angelina-jolie-most-beautifulThis has been a week of shocking contrasts for women’s body image: from the triumphant, empowering public health role model of Angelina Jolie, whose op-ed column, My Medical Choice, appeared in the New York Times on May 14th, to the marketing message snafu of Abercrombie & Fitch.

First, the Abercrombie affair: Mike Jeffries, CEO, said the following in a 2006 Salon interview that virally surfaced: “Because good-looking people attract other good-looking people, and we want to market to cool, good-looking people. We don’t market to anyone other than that,” identifying the “cool kids” as the company’s target market. “A lot of people don’t belong [in our clothes], and they can’t belong. Are we exclusionary? Absolutely,” the CEO said.

This revelation has led to a brand erosion among Millenials this week, according to the YouGov Brand Index.

Abercrombie size chartThe theme of Jeffries’ remarks should not be surprising to those of us who work in marketing, retail and advertising; parents of tweens and teens; and people who read fashion magazine ads. However, it’s the words themselves, revealed in their fullness, that explicitly speak to the brand’s “exclusionary” approach and lack of respect for bodies taking shapes other than sizes Small, Medium, and Large – where a Large is a Size 10. See the Abercrombie size chart for the, um, skinny.

That’s the dark yang to Angelina’s sunshiny yin.

One of People Magazine’s 100 most beautiful people in the world, Jolie came out in one of the world’s most-read news media channels to discuss her 87% risk for breast cancer, 50% risk for ovarian cancer, carrying the BRCA1 gene, and her choice to undergo a preventive double mastectomy.

In her op-ed, this most beautiful woman in the world wrote, “I feel empowered that I made a strong choice that in no way diminishes my femininity.”

Health Populi’s Hot Points:  Greg Karber has launched a viral campaign for A&F buyers to donate their clothes to the homeless. Take that, Mr. Jeffries! The campaign #FitchtheHomeless has gone vital.

Here’s Greg’s video for the campaign:

TIME Magazine covered the video here.

A few other excellent media stories include the following:

Embattled Abercrombie CEO Backpedals, Adweek

Abercrombie CEO Tries to Stem Backlash, Los Angeles Times

Too Big to Shop, CBS Philly

Abercrombie & Fitch’s Reputation Takes a Hit, Huffington Post

Kirstie Alley Slams Abercrombie, Christian Science Monitor

Ditching Fitch, The Michigan Daily (Go Blue!)

4 Comments on Angelina and Abercrombie: connecting the dots for healthy body image

Angelina and Abercrombie: connecting the dots for healthy body image | The Doctor Weighs In said : Guest Report 7 years ago

[…] Posted at Health Populi on […]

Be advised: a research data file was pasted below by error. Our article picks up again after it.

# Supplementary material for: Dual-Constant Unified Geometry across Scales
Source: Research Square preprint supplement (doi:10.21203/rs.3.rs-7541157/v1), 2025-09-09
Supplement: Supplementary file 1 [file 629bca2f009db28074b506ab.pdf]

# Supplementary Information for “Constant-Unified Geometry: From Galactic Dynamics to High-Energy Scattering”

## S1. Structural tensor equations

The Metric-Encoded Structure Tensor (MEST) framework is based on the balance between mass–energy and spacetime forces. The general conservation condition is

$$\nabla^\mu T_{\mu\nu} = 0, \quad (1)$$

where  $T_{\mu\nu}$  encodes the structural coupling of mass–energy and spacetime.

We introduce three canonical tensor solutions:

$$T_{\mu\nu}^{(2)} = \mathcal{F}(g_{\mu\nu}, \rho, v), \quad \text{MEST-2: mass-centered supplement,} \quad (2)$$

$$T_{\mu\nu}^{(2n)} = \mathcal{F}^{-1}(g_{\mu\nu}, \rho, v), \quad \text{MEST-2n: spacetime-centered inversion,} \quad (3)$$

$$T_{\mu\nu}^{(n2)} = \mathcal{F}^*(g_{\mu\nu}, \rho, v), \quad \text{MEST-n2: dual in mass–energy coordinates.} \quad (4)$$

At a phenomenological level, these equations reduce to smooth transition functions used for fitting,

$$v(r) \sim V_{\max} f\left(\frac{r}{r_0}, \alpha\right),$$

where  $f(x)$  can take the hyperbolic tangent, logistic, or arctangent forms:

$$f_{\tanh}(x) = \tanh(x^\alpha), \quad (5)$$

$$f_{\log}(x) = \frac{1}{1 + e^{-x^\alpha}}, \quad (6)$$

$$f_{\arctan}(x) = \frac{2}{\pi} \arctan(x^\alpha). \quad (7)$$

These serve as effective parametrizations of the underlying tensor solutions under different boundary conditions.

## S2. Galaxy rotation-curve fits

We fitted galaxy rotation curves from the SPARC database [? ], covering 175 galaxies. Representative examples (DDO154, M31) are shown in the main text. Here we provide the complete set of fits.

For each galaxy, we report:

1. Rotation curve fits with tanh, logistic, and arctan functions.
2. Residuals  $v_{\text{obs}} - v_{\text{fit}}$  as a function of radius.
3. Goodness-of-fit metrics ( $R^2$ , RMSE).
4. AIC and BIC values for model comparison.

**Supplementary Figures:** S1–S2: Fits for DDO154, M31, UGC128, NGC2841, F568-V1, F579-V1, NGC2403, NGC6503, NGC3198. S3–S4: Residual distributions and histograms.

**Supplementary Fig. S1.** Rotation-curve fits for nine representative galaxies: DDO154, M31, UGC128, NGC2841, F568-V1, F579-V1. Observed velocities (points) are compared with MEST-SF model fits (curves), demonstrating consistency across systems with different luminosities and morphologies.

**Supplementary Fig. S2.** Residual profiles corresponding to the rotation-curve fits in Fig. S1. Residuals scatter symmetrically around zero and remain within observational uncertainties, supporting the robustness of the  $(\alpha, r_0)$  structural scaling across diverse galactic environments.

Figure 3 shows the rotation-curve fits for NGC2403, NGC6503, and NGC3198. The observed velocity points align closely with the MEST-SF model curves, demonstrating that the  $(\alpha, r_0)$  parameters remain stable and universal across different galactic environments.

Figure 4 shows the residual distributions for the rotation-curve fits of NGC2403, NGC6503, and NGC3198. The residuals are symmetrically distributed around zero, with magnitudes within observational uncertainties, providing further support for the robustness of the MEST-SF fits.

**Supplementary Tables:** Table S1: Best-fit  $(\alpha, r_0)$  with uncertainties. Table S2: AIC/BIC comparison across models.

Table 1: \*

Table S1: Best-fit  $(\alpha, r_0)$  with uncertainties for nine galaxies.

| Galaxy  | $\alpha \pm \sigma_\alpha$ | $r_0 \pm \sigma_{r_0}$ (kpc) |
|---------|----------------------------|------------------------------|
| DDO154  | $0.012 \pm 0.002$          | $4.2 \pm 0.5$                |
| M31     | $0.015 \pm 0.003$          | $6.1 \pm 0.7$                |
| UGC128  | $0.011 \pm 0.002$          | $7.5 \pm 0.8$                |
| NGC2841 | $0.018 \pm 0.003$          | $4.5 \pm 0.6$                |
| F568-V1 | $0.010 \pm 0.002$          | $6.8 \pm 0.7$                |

Doctors who write right: MDs Gawande, Topol and Wachter put people at the center of healthcare | Health Populi said : Guest Report 8 years ago

[…] for his electronic health record, Dr. Cheryl Bettigole who looked into the $1,000 Pap smear, and, Angelina Jolie as health care advocate and uber-patient. Dr. Topol rightly notes there hasn’t been one big rallying cry of a public […]

REPay said : Guest Report 9 years ago

CORRECTED VERSION Re Mike Jeffries gaff, as an adman I used to work for would say at a comment like that, “Whoops you strategy is showing!" Mr. Jeffries obviously didn’t pay attention in marketing 1.01. It is always a mistake for high profile advertisers to discuss their ad strategy, customers don’t like them to be deconstructed for them! As for offending current and potential customers who may not look in the mirror too often or too realistically, that is clearly asinine. The A&F strategy was clearly always selling barely legal sex appeal, and that is clearly only ever going to be aspirational for many teenagers. PS Doesn’t the name Abercrombie & Fitch sound like a firm of Civil War era undertakers?

REPay said : Guest Report 9 years ago

As an adman I used to work for would say at a comment like that "Whoops you strategy is showing. "Mike Jeffries obviously didn't pay attention in marketing 1.01. It is always a mistake for high profile advertisers to discuss their ad strategy, customers don't like them to be deconstructed for them! As for offending current and potential customers who may not look in the mirror too often or too realistically, that is clearly asinine. The A&F strategy was clearly always selling barely legal sex appeal, and that is clearly only ever going to be aspirational for many teenagers. PS Doesn't the name Abercrombie & Fitch sound like a firm of Civil War era undertakers' ?

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